Critical Language Scholarship Program | Tucker Boyce
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Tucker Boyce

Tuck­er Boyce is an alum­nus of the 2017 CLS Turk­ish pro­gram in Baku, Azer­bai­jan. Tuck­er also stud­ied Turk­ish through the CLS Pro­gram in Ankara, Turkey in 2015. He grad­u­at­ed in 2017 with a bachelor’s degree in eco­nom­ics from the Uni­ver­si­ty of Geor­gia and worked on a post-bach­e­lor’s appoint­ment in inter­na­tion­al threat reduc­tion at Los Alam­os Nation­al Lab­o­ra­to­ry in New Mex­i­co. He will begin grad­u­ate school at the Uni­ver­si­ty of Mary­land this fall. In the future, he hopes to work in diplo­ma­cy and would like to focus on inter­na­tion­al security.

Cen­ter of Glob­al Issues
Turkey is at the cen­ter of a num­ber of intrigu­ing cul­tur­al, polit­i­cal, and eco­nom­ic issues. I am fas­ci­nat­ed by the vari­ety of these top­ics and how they inter­act with one anoth­er, from Turkey’s rela­tion­ship with the Euro­pean Union and NATO to its domes­tic his­to­ry of mil­i­tary coup attempts. The Turk­ish lan­guage is a great gate­way to study Turk­ish pol­i­tics and learn about the top­ics cov­ered on the news from anoth­er per­spec­tive. This is par­tic­u­lar­ly true because pol­i­tics is often a pop­u­lar top­ic of con­ver­sa­tion in Turkey, among all age groups.

Ramadan in Turkey
In 2015, dur­ing my first CLS pro­gram, I stud­ied in Ankara dur­ing Ramadan (Ramazan in Turk­ish). On a night late in the month, one of our teach­ers invit­ed our small class over for Iftar, the meal that Mus­lims eat to break their fast. My class­mates and I enjoyed prac­tic­ing our Turk­ish, eat­ing tra­di­tion­al dish­es, and spend­ing time with our teach­ers for this impor­tant occa­sion. In Turkey, some peo­ple are very strict about fast­ing dur­ing Ramadan, while oth­ers eat freely at restau­rants dur­ing the day. Learn­ing about the vari­ety of ways Turks cel­e­brate the hol­i­day was a great experience.

Incom­pa­ra­ble Expe­ri­ence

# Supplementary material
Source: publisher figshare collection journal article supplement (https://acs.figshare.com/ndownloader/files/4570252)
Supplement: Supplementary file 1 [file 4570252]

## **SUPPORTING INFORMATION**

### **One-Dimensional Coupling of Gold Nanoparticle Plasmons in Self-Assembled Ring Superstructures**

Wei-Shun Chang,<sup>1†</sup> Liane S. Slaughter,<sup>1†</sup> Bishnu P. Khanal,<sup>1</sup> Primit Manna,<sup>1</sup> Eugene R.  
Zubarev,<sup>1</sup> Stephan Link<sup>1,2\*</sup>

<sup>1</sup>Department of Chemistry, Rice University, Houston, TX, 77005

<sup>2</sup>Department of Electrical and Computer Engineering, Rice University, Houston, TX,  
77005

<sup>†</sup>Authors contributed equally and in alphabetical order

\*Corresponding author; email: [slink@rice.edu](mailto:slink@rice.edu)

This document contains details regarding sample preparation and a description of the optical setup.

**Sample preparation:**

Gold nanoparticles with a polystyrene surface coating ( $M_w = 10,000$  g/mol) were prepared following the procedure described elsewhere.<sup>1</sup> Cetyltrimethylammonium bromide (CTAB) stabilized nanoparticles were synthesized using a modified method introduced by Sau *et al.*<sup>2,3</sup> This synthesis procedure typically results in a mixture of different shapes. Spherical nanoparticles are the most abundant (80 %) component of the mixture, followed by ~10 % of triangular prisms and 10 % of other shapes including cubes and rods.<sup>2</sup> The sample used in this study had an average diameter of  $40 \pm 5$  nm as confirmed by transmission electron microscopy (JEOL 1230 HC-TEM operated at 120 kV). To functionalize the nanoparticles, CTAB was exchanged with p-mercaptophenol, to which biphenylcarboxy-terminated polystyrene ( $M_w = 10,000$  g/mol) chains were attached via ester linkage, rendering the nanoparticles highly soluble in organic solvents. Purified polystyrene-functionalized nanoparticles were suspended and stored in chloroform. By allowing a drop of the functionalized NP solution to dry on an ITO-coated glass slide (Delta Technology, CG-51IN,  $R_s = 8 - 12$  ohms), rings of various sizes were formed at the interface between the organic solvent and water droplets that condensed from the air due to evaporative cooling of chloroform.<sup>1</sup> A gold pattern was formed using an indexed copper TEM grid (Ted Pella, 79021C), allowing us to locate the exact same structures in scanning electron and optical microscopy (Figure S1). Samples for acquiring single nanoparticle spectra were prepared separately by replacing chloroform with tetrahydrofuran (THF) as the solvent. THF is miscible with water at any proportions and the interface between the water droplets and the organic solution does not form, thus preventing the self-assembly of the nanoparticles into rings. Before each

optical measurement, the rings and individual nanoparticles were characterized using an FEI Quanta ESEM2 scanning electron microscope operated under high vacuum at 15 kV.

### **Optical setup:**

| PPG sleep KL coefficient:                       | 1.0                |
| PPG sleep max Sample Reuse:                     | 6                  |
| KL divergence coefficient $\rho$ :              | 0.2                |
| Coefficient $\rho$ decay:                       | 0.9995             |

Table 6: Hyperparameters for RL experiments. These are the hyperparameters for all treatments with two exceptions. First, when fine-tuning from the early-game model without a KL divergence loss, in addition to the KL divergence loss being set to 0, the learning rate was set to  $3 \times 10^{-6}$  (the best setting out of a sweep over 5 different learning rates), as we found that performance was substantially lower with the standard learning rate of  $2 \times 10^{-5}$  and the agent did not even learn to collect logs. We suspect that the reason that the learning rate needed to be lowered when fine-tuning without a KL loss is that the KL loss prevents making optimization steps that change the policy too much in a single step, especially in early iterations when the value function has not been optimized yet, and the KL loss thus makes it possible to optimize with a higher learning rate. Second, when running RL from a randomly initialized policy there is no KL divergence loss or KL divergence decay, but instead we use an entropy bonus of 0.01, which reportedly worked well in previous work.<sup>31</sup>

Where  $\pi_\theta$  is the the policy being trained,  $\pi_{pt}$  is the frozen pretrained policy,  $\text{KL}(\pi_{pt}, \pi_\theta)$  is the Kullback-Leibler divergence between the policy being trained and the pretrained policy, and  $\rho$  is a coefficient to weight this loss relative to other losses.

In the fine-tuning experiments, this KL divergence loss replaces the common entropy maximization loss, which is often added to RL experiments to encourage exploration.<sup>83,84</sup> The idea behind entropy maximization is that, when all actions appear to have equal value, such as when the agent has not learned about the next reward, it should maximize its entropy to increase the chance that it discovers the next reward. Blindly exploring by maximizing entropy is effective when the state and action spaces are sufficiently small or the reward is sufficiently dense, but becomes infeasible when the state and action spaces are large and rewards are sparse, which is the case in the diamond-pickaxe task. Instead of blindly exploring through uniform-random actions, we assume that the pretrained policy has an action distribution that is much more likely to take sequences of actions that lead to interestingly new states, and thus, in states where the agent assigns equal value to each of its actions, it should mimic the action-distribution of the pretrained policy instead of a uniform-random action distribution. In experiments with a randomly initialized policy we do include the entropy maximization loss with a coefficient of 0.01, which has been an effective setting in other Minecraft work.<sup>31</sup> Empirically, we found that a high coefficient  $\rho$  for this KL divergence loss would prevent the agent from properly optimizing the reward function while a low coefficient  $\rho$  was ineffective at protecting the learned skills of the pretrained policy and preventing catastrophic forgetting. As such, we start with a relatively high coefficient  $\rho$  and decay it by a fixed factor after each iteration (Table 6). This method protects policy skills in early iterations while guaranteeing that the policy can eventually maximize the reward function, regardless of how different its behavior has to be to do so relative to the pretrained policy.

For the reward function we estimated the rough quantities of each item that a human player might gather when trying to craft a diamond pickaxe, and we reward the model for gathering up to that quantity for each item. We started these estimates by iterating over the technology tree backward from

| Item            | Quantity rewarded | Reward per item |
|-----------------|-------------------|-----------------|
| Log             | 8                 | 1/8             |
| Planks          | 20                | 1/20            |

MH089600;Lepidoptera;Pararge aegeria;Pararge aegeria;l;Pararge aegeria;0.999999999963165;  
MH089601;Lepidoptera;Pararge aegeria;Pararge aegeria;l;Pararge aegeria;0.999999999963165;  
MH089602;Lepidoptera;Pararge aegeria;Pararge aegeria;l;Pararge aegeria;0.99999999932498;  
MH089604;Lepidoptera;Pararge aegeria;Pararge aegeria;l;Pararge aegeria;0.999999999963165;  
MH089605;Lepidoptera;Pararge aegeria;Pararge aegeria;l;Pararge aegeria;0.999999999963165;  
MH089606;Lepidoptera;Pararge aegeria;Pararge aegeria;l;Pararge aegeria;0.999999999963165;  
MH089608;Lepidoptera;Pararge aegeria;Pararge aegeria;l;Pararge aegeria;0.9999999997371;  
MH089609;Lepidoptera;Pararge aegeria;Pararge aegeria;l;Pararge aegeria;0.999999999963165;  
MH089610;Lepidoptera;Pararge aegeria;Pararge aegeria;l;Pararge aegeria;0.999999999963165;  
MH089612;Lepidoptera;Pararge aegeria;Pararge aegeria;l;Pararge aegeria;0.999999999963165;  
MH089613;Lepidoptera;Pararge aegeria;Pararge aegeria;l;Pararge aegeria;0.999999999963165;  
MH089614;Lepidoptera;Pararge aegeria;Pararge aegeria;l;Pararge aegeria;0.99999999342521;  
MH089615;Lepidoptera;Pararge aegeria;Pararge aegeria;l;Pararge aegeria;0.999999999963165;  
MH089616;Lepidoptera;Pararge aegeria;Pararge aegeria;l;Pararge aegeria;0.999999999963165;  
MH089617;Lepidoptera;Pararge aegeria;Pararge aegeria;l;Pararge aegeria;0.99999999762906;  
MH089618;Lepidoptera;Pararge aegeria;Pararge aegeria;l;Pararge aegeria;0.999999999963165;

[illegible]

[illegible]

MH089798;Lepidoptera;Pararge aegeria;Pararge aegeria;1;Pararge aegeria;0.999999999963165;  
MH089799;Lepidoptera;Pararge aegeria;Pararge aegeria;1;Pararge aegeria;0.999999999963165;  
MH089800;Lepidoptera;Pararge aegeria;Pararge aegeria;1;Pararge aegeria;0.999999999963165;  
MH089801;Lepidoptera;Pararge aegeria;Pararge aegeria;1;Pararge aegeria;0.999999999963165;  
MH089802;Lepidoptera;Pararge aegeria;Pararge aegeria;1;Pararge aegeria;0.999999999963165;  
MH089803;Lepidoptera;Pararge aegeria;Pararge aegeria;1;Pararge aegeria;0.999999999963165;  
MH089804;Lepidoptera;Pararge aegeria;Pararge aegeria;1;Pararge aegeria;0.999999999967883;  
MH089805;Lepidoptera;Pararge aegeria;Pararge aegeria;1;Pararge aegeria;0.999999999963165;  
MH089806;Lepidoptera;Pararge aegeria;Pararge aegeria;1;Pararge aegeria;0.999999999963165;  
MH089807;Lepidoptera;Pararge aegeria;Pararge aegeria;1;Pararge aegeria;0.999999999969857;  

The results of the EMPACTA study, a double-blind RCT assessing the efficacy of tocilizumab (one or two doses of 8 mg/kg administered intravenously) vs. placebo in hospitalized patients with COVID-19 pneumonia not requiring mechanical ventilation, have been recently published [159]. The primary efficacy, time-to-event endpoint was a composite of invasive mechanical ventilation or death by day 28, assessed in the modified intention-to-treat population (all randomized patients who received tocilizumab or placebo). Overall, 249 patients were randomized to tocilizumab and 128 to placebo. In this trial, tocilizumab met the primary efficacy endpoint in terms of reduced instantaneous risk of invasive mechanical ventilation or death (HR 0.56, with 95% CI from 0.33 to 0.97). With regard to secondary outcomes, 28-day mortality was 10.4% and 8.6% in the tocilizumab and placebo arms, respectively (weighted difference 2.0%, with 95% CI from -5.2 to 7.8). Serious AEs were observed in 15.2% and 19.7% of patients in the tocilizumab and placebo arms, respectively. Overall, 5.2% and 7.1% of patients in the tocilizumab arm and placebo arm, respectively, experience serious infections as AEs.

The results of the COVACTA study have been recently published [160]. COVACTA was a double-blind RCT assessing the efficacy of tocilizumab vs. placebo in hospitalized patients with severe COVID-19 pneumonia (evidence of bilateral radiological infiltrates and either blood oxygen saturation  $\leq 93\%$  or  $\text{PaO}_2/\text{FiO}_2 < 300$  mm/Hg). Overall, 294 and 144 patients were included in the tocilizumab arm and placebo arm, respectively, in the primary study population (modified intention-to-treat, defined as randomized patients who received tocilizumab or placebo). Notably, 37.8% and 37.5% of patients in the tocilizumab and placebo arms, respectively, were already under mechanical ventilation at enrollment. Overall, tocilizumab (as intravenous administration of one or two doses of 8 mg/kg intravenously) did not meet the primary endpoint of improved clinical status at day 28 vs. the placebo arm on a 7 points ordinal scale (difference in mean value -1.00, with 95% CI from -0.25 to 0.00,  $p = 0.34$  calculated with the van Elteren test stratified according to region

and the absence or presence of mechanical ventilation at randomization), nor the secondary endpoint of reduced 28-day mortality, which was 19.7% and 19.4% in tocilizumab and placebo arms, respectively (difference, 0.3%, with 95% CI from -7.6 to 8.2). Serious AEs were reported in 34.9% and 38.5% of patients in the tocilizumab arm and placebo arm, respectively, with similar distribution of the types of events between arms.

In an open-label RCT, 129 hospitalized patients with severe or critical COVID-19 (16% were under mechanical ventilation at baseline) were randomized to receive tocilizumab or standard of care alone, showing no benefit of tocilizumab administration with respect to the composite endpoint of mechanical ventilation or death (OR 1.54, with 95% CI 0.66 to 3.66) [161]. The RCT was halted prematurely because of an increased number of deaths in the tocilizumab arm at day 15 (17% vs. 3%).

I would def­i­nite­ly rec­om­mend CLS for any­one who is seri­ous about study­ing lan­guage. Although there are a few U.S. uni­ver­si­ty pro­grams offer­ing a full slate of Turk­ish cours­es, noth­ing com­pares to the rig­or­ous and immer­sive nature of CLS. The pro­gram pro­vides stu­dents with a chance to work with local lan­guage part­ners and fel­low Amer­i­cans inter­est­ed in study­ing the lan­guage, and my Turk­ish would not be at the advanced lev­el today with­out my expe­ri­ences with CLS.

Shar­ing is Car­ing
I attend­ed the Uni­ver­si­ty of Geor­gia, which is about nine­ty min­utes out­side of Atlanta. Although many of my col­lege class­mates were inter­est­ed in inter­na­tion­al top­ics, almost none of them knew about Turkey and the sur­round­ing region. I enjoyed talk­ing about the diver­si­ty of Turk­ish polit­i­cal opin­ions and Turk­ish cul­ture with my peers, and I also worked with oth­ers on our cam­pus to dis­cuss Turkey and the Mid­dle East writ large. Dur­ing my senior year, I helped orga­nize an on-cam­pus dis­cus­sion cov­er­ing Mus­lim iden­ti­ty top­ics with pro­fes­sors and com­mu­ni­ty leaders.

Alumni Profiles

Tucker Boyce
Tucker Boyce
Turkish 2017
Baku, Azerbaijan

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Posted Date

July 23, 2018